Parental preferences. To continue the theme… Why do we stick to the old gendered grooves jobs wise (boys: STEM and full-time work, girls: humanities and part-time work)? Parents are partly responsible argues a new paper. The authors survey almost 6,000 Swiss adults about what advice they’d give a child of a specific gender considering training for two randomly selected occupations (one in a male dominated field and one in a female dominated field). The results? Parents gave their daughters gender-neutral advice on career options but nudged sons towards male-dominated (higher-paid) occupations. It was essentially fifty-fifty whether a parent would recommend a male or female dominated field to a daughter, but for a son there was a 60 per cent change of a male-dominated field being recommended. So, as ever, it’s us parents getting the blame.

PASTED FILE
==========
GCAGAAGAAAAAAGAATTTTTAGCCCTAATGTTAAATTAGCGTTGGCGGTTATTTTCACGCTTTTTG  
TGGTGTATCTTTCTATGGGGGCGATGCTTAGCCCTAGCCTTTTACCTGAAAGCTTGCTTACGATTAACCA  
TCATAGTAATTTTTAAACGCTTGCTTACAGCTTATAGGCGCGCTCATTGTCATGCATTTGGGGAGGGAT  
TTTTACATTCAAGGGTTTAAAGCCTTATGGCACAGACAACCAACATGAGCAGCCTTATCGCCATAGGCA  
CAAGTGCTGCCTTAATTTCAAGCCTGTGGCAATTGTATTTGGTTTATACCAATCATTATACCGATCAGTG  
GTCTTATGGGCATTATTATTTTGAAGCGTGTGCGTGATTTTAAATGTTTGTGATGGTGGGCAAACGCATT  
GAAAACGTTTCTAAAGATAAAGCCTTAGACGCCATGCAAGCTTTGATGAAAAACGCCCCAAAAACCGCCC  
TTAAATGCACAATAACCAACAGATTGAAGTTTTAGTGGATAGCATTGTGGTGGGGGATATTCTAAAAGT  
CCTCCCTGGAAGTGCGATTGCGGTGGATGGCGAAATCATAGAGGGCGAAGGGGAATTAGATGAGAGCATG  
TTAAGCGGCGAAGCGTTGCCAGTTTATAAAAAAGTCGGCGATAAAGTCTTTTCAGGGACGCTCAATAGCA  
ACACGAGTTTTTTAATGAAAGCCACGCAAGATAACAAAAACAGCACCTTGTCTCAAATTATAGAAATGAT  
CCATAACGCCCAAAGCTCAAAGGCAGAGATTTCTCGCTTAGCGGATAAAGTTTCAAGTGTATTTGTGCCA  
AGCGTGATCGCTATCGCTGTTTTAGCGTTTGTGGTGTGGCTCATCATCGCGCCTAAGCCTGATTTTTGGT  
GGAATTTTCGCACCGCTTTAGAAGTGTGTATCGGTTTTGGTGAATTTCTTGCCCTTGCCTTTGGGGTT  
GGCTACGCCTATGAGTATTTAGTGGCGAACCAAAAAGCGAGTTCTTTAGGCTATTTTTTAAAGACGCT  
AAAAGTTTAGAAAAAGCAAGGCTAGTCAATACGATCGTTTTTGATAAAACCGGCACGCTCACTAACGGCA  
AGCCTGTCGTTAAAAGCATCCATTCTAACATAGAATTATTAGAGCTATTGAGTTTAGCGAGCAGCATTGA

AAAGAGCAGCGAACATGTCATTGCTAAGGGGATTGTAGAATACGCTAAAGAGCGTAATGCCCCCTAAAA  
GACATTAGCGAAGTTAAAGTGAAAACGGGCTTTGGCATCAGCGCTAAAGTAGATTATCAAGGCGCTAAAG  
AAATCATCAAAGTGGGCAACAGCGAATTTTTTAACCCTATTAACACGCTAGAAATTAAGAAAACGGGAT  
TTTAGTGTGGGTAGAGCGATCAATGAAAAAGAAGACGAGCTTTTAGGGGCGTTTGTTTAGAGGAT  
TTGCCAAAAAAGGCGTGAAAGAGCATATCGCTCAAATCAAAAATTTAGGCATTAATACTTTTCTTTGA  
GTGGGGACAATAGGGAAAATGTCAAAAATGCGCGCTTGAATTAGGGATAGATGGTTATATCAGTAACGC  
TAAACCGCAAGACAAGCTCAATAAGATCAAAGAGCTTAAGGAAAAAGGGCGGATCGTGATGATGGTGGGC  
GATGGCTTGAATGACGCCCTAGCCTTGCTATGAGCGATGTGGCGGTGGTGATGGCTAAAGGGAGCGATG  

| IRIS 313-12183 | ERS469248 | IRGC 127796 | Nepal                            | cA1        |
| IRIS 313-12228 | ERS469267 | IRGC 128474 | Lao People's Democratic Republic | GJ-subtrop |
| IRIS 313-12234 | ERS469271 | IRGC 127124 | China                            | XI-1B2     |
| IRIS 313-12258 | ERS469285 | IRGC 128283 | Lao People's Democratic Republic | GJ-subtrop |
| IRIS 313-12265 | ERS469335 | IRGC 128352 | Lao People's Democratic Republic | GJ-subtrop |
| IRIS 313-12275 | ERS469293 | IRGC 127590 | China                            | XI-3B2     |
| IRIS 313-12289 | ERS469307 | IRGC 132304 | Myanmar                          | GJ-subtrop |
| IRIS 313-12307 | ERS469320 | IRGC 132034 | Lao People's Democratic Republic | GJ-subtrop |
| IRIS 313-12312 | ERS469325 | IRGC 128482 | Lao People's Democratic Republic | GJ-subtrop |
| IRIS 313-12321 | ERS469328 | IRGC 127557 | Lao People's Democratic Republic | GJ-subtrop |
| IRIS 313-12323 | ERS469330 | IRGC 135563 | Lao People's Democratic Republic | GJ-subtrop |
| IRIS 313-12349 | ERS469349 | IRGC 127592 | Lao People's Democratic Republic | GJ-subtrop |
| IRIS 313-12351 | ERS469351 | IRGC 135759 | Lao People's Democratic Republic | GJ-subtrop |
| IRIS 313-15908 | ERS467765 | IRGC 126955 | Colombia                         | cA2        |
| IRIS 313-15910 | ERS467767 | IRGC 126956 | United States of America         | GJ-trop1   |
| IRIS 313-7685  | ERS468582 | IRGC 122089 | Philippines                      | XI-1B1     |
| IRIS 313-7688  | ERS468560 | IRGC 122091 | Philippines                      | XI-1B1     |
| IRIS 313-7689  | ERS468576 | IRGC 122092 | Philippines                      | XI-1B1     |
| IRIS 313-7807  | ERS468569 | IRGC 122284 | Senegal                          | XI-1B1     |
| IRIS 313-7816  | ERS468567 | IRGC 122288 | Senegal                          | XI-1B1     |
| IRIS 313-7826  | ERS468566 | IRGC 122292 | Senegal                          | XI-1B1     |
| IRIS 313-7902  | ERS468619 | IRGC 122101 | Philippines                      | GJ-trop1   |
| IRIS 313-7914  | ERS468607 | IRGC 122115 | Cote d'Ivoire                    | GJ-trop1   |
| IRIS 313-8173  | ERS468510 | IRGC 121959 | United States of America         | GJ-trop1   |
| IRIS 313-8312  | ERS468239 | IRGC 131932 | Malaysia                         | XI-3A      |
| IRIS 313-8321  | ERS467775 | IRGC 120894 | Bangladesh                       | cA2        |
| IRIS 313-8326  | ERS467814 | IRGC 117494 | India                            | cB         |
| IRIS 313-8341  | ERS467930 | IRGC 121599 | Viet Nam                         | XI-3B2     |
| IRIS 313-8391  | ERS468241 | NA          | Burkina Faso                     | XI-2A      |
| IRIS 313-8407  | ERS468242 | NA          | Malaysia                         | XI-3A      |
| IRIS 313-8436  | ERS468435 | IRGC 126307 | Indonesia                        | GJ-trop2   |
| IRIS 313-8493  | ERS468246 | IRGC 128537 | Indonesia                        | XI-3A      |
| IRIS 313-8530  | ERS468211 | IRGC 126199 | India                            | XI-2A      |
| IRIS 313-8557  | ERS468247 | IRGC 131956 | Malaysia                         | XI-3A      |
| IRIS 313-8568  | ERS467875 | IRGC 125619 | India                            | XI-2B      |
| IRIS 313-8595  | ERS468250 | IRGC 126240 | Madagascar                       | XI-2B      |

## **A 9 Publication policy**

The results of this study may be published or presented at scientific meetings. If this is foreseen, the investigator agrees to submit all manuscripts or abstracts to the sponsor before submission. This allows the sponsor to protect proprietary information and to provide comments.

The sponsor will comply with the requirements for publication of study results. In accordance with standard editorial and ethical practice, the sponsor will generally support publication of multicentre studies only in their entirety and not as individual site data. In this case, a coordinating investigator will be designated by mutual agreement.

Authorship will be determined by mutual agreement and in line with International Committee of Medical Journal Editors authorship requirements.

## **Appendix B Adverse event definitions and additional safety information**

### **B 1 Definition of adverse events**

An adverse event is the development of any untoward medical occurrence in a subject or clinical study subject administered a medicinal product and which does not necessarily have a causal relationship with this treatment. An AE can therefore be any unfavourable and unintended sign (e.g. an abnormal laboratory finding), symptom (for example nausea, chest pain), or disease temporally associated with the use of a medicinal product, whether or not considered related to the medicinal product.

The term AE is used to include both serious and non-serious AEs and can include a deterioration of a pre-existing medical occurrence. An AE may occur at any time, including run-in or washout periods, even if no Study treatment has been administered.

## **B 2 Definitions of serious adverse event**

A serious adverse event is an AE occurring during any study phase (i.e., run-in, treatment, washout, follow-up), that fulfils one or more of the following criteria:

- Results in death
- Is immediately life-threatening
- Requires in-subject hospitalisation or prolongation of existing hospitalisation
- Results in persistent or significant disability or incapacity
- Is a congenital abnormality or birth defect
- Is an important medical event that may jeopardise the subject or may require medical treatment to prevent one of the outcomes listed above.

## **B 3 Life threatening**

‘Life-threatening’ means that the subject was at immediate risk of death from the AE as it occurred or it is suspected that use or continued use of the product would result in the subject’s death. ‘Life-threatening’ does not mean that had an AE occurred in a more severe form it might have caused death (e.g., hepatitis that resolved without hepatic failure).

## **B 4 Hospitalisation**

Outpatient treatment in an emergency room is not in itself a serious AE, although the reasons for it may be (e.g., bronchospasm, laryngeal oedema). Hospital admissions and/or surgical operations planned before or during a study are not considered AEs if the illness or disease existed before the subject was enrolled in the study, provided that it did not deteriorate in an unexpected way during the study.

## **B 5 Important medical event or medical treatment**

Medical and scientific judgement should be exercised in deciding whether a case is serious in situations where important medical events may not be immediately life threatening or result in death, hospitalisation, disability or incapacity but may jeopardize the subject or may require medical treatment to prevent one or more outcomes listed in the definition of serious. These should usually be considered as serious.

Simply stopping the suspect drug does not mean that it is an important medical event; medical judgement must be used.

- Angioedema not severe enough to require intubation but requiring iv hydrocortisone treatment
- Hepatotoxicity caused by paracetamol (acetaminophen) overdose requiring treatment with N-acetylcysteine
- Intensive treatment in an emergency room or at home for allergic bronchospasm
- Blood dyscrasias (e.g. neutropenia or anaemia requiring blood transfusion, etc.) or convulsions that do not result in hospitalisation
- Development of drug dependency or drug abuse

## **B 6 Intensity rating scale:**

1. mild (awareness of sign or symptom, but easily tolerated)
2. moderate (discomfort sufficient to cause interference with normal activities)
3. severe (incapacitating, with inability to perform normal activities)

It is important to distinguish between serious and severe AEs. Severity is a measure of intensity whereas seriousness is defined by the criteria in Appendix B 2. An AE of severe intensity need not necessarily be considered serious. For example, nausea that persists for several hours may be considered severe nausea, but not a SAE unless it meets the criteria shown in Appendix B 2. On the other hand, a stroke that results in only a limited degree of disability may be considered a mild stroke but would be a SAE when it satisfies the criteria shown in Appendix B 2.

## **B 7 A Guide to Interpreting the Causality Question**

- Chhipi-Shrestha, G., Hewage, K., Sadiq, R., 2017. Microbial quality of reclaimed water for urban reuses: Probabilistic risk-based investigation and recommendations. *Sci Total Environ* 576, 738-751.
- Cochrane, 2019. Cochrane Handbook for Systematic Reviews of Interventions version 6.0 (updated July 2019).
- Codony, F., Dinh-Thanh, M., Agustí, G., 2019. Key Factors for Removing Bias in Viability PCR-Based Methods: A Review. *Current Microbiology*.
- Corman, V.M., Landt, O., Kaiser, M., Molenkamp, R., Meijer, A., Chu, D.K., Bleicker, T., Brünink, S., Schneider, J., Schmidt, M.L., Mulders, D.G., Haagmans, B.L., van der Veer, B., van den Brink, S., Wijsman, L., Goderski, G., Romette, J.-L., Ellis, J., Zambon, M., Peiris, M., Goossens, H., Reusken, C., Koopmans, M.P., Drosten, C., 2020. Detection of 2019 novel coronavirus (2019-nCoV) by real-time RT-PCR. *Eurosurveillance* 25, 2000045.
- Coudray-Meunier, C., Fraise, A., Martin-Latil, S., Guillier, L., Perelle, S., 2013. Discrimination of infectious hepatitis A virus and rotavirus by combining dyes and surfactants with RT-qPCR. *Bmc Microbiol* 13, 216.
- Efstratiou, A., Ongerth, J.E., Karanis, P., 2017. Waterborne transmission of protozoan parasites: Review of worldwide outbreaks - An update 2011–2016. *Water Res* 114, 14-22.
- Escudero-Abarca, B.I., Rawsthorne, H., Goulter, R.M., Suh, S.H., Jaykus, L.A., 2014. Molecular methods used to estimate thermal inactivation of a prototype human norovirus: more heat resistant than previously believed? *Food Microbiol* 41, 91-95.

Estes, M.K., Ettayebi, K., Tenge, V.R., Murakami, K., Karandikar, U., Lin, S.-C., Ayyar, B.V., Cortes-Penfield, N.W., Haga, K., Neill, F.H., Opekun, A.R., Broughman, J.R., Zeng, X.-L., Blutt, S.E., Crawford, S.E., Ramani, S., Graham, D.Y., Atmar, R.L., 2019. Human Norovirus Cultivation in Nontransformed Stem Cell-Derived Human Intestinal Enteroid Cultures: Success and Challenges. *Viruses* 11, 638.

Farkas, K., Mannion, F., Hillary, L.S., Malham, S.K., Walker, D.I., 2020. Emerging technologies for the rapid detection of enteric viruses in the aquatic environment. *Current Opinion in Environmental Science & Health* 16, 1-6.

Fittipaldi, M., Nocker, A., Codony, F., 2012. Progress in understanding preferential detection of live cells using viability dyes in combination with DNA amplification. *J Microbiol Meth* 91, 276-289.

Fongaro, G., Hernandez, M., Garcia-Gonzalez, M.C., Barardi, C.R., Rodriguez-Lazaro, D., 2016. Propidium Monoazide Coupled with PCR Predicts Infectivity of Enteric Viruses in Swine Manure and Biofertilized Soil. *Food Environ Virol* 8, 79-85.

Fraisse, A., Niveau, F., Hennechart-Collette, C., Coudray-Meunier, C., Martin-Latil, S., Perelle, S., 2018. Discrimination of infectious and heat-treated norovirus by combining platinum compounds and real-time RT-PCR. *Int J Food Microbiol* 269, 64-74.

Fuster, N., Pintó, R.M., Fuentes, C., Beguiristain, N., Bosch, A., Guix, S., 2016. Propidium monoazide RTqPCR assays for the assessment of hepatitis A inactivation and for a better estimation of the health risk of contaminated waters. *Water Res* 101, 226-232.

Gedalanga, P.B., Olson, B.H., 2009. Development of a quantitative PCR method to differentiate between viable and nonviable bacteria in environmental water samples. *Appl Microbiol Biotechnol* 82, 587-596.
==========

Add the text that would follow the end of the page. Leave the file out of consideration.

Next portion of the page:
Powerful polls. We should have one political read at least. For those paying attention yesterday, Sadiq Khan’s messaging was all about low turnout and the danger the Conservatives win despite his huge poll lead – motivating complacent Labour supporters to vote. He was trying to counteract a force well evidenced in a new Warwick university study: polls that indicate an election won’t be close decrease turnout. The authors examine UK general elections between 1983 and 2017, interestingly examining how the turnout suppressing/boosting effect of opinion polls varies between marginal and safe seats. They conclude the effect is bigger in safe seats, especially where the beneficiary of that ‘safeness’ (ie the local incumbent) represents the party ahead in national polls. Basically, expect low turnout in safe labour seats come the general election. This is why you can expect to hear Labour insisting that laurels should not be rested on, nor chickens counted, till polling day – and the impact of opinion polls on voter behaviour is why some countries (including 16 out of 27 EU countries) have some form of poll reporting ban during elections run-ins.